Cook in a Cast Iron Skillet Step 7 Version 2.jpg
    • As a caveat, cast iron skillets offer perhaps the best way to blacken the outer edge of a cut of fish while leaving the inside moist and tender. Preheat the skillet for a full five minutes on a constant flame before putting the fish in the pan. You can perfectly sear scallops in this manner as well.[13]
  4. Cook only what you’ll want to taste again. There is another reason you may not want to cook fish in your skillet: your skillet will take on flavor from the dishes you cook in it. This could be problematic if you follow a fish dinner with a fruit cobbler, because desert may taste a bit too much like the main course.[14]

    • If you want to cook both savory and sweet dishes regularly, consider getting separate cast iron skillets for each purpose. You can make one work, but be sure to give a solid salt-scrub and a re-seasoning before baking something after a differently-flavored dish.

[Edit]Caring for Your Cast Iron Skillet

  1. Clean the skillet immediately after using. After plating your meal, rinse the skillet with hot water. To remove any cooked-on food, try using a kitchen towel or nonmetal brush with a mild abrasive, like coarse salt. Do so while the pan is still warm. The goal is to preserve the nonstick surface a “seasoned” pan has built up. If necessary, use a few drops of a mild dish soap on a sponge - but only do so occasionally. Never bleach your skillet or wash it in a dishwasher.[15][16]

    • Never allow your skillet to soak. In short, scour, rinse, and dry the pan as soon as is convenient after cooking.
    • Use steel wool only to remove any coating that becomes sticky, or to remove any rust deposits as soon as they develop. Re-season the pan in these scenarios.
    • If you’re serving directly from the skillet, be sure to clean it immediately following your meal. Never allow anything wet, such as a fruit pie or frittata, to be served from the skillet. Transfer the food to another dish and wash the skillet immediately.[17]
  2. Dry the skillet thoroughly.[18] Your skillet’s greatest enemy is rust. The greatest risk of developing rust is related to insufficient drying after cleaning. There are several theories about the best way to dry a cast iron skillet. At a bare minimum, thoroughly wipe down the inside and outside of the skillet with a dry towel.[19]

    • Designate one of your kitchen towels to be used exclusively to dry your cast iron. This will prevent other towels from getting heavily smudged, and will ensure you’re not dirtying your pan with unknown towel contaminants.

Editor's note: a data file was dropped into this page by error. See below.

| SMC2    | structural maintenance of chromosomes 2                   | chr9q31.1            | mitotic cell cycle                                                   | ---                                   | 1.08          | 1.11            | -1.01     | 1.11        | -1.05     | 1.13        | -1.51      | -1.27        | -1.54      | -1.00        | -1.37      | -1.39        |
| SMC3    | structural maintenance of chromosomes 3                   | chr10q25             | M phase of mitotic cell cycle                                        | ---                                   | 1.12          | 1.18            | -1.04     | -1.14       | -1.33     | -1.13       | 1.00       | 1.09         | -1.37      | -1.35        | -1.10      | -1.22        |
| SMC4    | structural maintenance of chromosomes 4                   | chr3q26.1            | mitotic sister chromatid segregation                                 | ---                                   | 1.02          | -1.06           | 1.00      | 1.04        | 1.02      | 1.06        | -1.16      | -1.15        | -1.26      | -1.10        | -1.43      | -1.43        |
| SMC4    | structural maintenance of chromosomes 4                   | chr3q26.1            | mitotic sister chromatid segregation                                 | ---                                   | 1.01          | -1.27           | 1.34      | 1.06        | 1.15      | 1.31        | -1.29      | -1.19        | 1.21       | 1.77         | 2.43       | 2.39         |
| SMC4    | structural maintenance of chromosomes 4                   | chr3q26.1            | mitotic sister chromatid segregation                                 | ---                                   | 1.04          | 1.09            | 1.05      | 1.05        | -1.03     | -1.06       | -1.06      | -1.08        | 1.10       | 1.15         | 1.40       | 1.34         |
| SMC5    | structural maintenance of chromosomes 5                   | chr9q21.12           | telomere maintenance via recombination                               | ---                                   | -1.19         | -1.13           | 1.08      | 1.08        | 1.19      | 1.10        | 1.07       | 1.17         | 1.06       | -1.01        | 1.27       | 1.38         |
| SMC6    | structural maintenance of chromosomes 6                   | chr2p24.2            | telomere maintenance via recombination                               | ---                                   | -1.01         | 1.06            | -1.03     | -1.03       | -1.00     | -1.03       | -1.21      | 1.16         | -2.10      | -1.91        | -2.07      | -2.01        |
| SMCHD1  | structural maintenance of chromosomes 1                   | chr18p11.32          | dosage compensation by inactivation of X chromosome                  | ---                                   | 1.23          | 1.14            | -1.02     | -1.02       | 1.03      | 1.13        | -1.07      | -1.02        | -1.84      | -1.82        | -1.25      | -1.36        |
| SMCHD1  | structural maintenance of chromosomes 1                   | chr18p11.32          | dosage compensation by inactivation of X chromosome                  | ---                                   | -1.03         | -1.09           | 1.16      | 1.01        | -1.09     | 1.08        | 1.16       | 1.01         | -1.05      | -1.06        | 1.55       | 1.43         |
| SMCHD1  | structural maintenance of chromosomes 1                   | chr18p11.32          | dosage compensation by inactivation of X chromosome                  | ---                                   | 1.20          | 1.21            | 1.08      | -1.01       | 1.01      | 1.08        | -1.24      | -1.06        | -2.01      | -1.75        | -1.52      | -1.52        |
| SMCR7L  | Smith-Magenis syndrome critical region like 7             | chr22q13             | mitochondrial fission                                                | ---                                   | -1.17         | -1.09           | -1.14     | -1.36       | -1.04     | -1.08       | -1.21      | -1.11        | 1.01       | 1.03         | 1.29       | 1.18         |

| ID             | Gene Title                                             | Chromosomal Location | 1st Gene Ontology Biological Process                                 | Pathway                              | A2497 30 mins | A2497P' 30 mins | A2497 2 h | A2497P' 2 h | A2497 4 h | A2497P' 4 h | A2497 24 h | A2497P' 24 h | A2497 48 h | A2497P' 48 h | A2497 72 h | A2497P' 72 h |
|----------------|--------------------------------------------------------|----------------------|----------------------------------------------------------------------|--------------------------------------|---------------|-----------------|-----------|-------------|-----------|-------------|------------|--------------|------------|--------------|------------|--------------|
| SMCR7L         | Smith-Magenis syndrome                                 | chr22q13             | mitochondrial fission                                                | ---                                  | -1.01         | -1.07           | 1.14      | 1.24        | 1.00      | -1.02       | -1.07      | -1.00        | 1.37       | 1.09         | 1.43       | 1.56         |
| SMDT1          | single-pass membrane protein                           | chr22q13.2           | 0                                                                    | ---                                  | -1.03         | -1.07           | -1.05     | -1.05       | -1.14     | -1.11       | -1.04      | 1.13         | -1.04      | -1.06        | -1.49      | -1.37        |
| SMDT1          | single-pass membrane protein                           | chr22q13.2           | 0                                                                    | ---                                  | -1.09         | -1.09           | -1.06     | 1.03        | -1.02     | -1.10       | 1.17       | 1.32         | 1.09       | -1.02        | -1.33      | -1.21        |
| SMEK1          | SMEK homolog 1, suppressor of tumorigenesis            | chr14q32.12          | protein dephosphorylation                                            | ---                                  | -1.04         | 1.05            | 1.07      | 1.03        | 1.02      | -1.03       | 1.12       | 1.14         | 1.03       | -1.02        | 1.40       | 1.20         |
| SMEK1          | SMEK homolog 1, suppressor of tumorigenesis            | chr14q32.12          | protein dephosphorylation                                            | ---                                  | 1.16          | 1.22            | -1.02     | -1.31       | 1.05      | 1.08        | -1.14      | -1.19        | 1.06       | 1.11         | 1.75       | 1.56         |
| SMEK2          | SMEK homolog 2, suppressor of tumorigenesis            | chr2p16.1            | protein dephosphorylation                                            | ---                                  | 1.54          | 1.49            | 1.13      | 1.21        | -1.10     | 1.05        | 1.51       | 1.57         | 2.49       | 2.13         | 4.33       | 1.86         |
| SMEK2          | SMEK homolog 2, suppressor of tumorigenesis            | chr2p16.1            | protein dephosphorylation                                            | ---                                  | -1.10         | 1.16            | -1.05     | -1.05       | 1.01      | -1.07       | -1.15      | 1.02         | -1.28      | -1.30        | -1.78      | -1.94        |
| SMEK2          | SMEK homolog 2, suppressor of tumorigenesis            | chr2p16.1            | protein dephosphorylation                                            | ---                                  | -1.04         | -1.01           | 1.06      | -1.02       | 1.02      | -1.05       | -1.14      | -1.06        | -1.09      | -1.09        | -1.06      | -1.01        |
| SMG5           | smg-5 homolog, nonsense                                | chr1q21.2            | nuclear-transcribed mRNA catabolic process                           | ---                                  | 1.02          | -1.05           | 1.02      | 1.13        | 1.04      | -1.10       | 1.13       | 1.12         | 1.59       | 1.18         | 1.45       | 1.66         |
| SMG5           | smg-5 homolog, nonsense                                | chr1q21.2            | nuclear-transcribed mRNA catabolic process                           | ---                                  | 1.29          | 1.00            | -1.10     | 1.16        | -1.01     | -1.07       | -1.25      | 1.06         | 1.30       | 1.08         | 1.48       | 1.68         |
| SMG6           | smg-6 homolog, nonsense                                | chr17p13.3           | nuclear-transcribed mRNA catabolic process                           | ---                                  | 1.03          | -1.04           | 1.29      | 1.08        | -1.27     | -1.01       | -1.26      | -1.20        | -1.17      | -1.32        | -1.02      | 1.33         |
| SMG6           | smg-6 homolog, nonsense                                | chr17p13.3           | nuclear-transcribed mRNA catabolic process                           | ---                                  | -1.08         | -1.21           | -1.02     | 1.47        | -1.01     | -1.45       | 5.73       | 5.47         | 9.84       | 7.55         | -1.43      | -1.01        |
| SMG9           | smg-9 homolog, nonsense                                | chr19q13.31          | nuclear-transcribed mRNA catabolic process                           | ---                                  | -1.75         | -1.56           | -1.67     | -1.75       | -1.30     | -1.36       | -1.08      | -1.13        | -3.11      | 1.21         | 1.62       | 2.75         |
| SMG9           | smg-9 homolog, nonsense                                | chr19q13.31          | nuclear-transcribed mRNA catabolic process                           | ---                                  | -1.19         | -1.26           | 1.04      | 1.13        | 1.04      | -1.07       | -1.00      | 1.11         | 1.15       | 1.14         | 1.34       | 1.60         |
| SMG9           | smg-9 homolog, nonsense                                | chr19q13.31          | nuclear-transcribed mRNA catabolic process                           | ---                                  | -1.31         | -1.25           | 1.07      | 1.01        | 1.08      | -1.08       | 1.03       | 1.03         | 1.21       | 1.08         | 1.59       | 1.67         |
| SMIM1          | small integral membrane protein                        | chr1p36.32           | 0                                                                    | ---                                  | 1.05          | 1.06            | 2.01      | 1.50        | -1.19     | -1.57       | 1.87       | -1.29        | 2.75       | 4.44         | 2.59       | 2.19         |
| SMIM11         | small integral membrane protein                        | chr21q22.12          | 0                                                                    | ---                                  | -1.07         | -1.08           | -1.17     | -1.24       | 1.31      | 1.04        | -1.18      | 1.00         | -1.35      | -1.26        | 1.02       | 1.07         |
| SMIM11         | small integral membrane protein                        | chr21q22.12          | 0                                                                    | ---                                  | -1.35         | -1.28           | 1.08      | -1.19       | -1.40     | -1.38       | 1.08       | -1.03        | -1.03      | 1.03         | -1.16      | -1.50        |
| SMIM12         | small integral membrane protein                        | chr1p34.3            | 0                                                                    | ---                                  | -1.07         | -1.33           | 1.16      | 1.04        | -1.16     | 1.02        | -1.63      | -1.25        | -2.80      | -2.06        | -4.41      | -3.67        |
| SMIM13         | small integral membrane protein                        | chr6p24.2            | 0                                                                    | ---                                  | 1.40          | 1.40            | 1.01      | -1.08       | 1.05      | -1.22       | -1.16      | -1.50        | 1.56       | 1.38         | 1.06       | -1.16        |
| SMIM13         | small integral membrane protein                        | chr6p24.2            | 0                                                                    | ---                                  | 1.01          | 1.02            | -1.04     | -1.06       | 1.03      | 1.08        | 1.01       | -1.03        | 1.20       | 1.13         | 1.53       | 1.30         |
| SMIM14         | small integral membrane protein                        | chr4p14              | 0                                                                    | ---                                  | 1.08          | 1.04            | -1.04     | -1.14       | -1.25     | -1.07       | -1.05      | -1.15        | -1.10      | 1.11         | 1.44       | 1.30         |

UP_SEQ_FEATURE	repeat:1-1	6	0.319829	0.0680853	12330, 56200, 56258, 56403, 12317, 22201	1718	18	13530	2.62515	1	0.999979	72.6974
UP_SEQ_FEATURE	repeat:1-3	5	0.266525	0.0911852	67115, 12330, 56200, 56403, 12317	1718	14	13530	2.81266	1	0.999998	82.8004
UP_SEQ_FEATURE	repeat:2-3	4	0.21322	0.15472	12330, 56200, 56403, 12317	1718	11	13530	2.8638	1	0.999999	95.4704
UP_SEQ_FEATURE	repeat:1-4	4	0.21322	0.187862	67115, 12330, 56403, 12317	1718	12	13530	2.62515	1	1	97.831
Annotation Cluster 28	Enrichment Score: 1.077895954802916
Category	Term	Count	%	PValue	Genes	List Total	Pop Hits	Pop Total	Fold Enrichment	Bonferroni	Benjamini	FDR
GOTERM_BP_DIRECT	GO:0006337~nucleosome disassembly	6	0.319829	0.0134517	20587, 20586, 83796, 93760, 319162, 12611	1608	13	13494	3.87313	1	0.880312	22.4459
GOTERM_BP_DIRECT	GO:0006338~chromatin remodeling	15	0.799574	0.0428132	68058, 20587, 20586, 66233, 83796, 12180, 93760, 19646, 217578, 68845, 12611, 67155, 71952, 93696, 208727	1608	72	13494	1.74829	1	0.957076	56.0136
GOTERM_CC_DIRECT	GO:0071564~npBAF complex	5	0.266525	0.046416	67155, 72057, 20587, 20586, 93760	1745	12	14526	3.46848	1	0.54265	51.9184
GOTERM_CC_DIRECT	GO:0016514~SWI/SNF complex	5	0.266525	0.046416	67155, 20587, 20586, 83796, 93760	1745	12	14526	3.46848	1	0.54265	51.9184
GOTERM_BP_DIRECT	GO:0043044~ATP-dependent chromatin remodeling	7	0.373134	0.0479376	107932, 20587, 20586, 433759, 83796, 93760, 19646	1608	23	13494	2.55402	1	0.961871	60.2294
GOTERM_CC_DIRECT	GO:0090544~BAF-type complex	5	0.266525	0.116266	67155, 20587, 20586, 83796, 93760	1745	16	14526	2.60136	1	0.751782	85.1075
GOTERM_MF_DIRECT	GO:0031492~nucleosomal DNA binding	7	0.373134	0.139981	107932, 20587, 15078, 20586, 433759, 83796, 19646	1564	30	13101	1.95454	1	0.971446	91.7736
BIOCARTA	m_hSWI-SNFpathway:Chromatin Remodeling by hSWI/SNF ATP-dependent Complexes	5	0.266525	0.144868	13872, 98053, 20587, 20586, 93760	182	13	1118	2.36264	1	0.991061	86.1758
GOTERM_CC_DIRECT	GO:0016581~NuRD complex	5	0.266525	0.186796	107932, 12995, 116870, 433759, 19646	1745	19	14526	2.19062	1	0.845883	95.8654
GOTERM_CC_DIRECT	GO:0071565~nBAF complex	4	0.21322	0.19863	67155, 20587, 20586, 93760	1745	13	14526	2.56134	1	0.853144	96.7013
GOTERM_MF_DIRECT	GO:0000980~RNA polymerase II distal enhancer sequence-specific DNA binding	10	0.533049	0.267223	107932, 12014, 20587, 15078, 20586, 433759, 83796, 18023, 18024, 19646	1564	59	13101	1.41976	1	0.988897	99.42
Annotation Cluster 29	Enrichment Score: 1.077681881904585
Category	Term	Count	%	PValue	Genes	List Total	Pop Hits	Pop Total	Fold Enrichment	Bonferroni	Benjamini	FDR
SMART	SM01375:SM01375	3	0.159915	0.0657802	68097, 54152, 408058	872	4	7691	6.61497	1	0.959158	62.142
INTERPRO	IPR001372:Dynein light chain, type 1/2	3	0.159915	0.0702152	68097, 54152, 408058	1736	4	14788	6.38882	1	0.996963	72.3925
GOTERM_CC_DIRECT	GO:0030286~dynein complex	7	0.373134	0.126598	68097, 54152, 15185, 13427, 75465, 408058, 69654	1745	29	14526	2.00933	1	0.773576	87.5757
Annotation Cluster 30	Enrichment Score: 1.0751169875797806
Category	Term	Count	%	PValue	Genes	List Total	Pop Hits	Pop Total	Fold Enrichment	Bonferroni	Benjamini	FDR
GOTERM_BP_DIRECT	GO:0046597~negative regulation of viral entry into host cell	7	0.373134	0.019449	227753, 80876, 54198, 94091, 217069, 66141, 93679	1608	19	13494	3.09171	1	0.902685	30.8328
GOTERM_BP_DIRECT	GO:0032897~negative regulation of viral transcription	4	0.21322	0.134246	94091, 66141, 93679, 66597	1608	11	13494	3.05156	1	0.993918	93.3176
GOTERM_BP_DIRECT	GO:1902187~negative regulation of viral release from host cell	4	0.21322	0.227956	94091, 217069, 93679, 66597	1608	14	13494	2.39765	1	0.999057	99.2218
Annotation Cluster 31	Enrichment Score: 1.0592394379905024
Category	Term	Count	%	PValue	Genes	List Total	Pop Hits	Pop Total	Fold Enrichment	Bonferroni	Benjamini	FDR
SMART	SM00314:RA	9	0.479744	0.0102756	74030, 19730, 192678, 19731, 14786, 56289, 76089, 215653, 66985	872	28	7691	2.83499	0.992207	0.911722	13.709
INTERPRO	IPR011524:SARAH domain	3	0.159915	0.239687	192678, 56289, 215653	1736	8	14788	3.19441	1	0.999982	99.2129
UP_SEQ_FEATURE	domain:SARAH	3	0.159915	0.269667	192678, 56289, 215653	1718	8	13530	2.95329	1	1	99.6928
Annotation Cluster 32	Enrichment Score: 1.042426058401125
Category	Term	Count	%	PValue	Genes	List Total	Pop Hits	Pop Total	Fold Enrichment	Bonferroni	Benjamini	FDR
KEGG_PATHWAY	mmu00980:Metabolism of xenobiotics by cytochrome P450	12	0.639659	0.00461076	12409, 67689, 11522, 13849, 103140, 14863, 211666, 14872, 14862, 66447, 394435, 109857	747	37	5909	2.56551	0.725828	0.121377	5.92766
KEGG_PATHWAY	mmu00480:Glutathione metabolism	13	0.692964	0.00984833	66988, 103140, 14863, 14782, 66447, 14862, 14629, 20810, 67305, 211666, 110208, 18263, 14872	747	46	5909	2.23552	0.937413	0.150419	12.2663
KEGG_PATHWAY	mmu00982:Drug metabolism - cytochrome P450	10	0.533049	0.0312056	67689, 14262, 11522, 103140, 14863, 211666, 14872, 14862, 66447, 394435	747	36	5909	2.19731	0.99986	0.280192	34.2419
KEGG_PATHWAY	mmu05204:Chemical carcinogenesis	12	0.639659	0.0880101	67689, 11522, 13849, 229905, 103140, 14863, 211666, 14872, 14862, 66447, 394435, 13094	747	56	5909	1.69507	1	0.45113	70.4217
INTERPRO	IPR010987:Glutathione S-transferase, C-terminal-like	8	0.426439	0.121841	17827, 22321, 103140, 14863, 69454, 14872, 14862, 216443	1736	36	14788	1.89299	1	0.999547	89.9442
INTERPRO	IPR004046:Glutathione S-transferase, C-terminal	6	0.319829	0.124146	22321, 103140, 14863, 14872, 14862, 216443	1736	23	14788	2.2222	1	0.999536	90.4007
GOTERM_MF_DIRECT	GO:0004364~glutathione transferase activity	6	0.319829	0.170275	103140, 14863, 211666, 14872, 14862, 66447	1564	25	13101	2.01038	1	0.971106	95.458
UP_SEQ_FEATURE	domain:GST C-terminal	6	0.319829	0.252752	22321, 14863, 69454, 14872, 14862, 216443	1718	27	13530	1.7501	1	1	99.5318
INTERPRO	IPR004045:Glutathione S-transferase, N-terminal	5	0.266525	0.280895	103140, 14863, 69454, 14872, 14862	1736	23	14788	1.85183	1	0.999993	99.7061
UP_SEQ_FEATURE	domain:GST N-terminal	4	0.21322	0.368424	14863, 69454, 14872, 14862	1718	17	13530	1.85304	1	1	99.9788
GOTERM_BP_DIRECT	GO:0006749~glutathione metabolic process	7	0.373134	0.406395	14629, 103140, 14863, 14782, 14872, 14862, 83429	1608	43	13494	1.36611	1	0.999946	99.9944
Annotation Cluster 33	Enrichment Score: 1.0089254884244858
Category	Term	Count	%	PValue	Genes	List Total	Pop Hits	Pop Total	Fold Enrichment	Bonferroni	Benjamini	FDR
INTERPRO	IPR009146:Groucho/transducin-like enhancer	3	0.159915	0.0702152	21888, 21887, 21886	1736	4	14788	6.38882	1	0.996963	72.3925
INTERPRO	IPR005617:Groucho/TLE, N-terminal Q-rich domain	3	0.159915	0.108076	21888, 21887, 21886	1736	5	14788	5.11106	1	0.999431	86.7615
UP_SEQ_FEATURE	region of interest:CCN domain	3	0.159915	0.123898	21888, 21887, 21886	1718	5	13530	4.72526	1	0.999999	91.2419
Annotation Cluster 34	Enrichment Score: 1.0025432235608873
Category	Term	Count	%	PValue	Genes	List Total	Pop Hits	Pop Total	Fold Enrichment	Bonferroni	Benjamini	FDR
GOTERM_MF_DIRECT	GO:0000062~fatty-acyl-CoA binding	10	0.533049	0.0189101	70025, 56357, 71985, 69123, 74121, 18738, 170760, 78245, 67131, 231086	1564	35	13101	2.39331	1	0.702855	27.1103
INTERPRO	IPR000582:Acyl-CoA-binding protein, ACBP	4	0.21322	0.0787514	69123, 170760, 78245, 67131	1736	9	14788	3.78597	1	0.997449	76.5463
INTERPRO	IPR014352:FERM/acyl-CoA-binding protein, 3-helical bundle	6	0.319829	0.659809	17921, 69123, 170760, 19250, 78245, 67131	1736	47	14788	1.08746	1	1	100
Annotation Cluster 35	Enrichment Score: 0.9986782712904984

3. Re-season your skillet.[20] Every couple times you wash your skillet, wipe down the well of the skillet with fat, such as flaxseed oil or lard after drying. This will likely be enough to keep your seasoned skillet’s non-stick surface in good shape. In those cases where you have to remove some of the coating to remove stickiness or a bit of rust, do a more involved re-seasoning.[21]

    • Apply a film of fatty material - ideally flaxseed oil - to the entire surface of the pan, inside and out. Bake the pan at 350˚ for one hour, with foil or a baking pan on the rack beneath it to catch drips. Allow the pan to cool completely in the oven.
    • A teaspoon of flaxseed oil is plenty for a 10-12in (25-30cm) skillet. Apply whenever the skillet looks visibly dry.[22]
  4. Store cast iron carefully. Putting away other pans that are still wet may wind up getting water on your cast iron and causing rust. Prevent this by storing your cast iron separately, perhaps by hanging it up. If you do store your skillet with other cookware, place a sheet of paper towel in the well of your skillet to collect any water that sneaks into it.[23]
    Cook in a Cast Iron Skillet Step 12 Version 2.jpg
    • Always let the skillet cool to room temperature - in part to absorb any added oil - before putting it away.[24]
  5. Do not boil water in your skillet. This is pretty much the only thing you shouldn’t ever use a cast iron skillet for. Boiling water will increase the likelihood of your pan rusting, the cast iron worst case scenario.[25]
    Cook in a Cast Iron Skillet Step 13 Version 2.jpg


[Edit]Related wikiHows


[Edit]Quick Summary

  18. [v162094_b01]. 26 October 2021.
  20. [v162094_b01]. 26 October 2021.
  22. [v162094_b01]. 26 October 2021.